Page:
Ross Murray's Border Report
Ross Murray
is a freelance writer living in Stanstead, Quebec. You can reach him at
Posted 06.26.13
Stanstead, Quebec


It's not easy being tween

The moms weren't fooling anyone. As the bus carrying their children drove away, some of them let out a cheer. Three child-free days! Yeah, right. The moms were fighting back tears, some of them unsuccessfully. Dads, of course, don't cry; they just have panic attacks.

The Grade 6 class was on their way to Quebec City and Tadoussac, which is far enough away that in some parts of the world it would be another country.

"Mom! I'm homesick. I want to come home!"

"I'll come get you."

Nuh-uh. Not this time. Our children were gone, in the care of their teachers who with this single trip proved their dedication to their profession and their unmitigated masochism.

Putting our children in the hands of others for short periods is a rite of passage, especially at this age as they verge on adolescence and high school. They're growing up. Yet, there is no getting over the fact that they are still quite the dummies. And I say that with great warmth in my heart.

"I'm a tween," announced Abby who turned 12 the day she left on her class trip. If ever there was an age that needed a nonsensical made-up word, this is it. Abby announced it proudly. Really, though, it's nothing to be proud of. There's nothing pretty about tweenhood.

This past weekend, Abby hosted her birthday party, and by "hosted" I mean "basked in the glow of attention, cards, and sugar." My wife and I reached the consensus that this would be the last of the by-invitation birthday parties in our house. Once you hit 13, you become too cool and/or self-conscious and/or angsty for parties. Somehow the girls at Abby's party seemed to sense this. They partied like it was their last.

In other words, they screamed.

They screamed like it was their vocation.

Little girls giggle and squeal. Tweens shriek. They shriek like they're being paid.

"ABBBBBYYYYYYYYYYY!!!" For no reason at all.

About an hour into the party, I watched our neighbours get in their car and drive away, destination: didn't matter. I was a little jealous.

One minute the girls were running around pretending to be princesses and goddesses of varying aptitudes and domains, the next they were chasing some boys who just happened to walk by the house. (Coincidence? I think not.) They had fresh polish on their nails and cake frosting in their hair. Did I mention the screaming?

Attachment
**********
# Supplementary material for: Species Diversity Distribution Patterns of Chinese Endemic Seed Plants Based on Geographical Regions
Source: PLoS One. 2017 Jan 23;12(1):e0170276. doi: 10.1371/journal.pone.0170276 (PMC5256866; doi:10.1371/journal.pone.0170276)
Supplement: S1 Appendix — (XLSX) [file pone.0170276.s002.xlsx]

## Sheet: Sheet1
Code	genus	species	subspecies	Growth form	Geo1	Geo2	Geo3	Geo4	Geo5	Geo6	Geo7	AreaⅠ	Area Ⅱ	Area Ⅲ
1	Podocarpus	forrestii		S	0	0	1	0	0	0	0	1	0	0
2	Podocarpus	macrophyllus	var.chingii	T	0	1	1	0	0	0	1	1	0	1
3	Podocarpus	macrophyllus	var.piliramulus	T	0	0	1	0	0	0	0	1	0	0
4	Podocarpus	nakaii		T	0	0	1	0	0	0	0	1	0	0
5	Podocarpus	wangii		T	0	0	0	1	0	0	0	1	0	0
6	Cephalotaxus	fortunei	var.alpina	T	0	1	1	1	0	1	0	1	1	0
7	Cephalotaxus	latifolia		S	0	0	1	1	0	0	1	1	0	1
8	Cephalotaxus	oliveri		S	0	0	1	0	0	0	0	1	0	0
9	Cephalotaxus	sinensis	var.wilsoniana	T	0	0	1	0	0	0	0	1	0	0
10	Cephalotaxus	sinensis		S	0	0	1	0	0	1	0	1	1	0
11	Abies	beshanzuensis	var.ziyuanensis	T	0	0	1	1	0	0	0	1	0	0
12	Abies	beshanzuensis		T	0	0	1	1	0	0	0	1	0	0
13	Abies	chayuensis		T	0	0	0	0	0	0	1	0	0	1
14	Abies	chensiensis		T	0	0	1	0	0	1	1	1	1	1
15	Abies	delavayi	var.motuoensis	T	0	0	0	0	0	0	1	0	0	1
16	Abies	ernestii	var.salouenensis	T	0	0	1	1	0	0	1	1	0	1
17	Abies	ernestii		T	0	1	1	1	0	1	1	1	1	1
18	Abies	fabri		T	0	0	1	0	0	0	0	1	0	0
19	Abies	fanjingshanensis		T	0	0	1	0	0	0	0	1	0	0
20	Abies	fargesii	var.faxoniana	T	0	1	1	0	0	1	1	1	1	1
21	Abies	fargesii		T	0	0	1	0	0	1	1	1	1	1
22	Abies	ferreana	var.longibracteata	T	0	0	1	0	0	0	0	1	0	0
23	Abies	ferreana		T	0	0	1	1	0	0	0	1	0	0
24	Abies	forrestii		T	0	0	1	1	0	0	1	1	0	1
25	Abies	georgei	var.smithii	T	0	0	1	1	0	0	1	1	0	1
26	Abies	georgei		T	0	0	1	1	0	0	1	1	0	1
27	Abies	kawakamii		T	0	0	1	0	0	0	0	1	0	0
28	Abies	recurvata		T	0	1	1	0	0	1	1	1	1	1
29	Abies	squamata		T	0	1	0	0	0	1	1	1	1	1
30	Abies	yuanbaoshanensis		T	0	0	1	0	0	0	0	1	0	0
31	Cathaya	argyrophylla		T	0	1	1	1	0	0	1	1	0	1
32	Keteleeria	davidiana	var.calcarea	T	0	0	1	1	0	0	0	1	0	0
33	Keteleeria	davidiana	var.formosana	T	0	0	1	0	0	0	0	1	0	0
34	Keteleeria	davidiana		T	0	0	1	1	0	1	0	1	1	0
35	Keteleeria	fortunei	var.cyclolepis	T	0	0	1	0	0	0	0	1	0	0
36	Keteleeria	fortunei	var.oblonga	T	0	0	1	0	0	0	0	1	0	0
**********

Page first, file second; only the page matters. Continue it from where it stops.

It's a confusing time -- I mean for the parents.

Now that she's 12, Abby has permission to shave her legs. Sunday morning, our eldest daughter taught her how to manage it. (A touching moment, and hopefully one that involved learning the words to "Nobody Knows the Stubble I've Seen...") Leg-shaving, I gather is a big deal, a big responsibility, and (as I'm sure she'll soon find out) a big pain in the butt.

I mention this only to contrast with the phone call I got on the first night of her trip, which went something like this:

"Dad? Ummm, Fanny was on the bus and, well, she dropped her camera? And then it got kicked, yeah, umm, it got kicked around a bit? On the bus? And the pictures she took today disappeared, and then there were pictures that she didn't take that showed up? And it's her mom's camera and she's worried? And... [muffle, muffle, muffle] Oh wait, never mind, her pictures showed up again. I should go because this isn't my phone. So, bye! Love you!"

As I write this, those children are probably on a whale-watching boat, moderately supervised by exhausted teachers. Now do you understand why the moms at the bus might be anxious?

Sometimes I think we expect too much of our kids. Abby alone, with her severe dietary restrictions, has to keep track of all her food and medication for three days. She can barely keep track of her shoes. How on earth can we send them off to high school? How on earth are they going to manage? More to the point, how are we?

I would not want to be a tween again. I'm not sure if tweens existed in the seventies, but regardless, it sounds horrible. Then again, if you're going to make mistakes, what better time to do it, when you can still crawl on mom's lap and buy into the assurance that everything will be okay. And if that doesn't work, there's always screaming.

Ross Murray's collection, You're Not Going to Eat That, Are You?, is available in Quebec in area book stores and through He can be reached at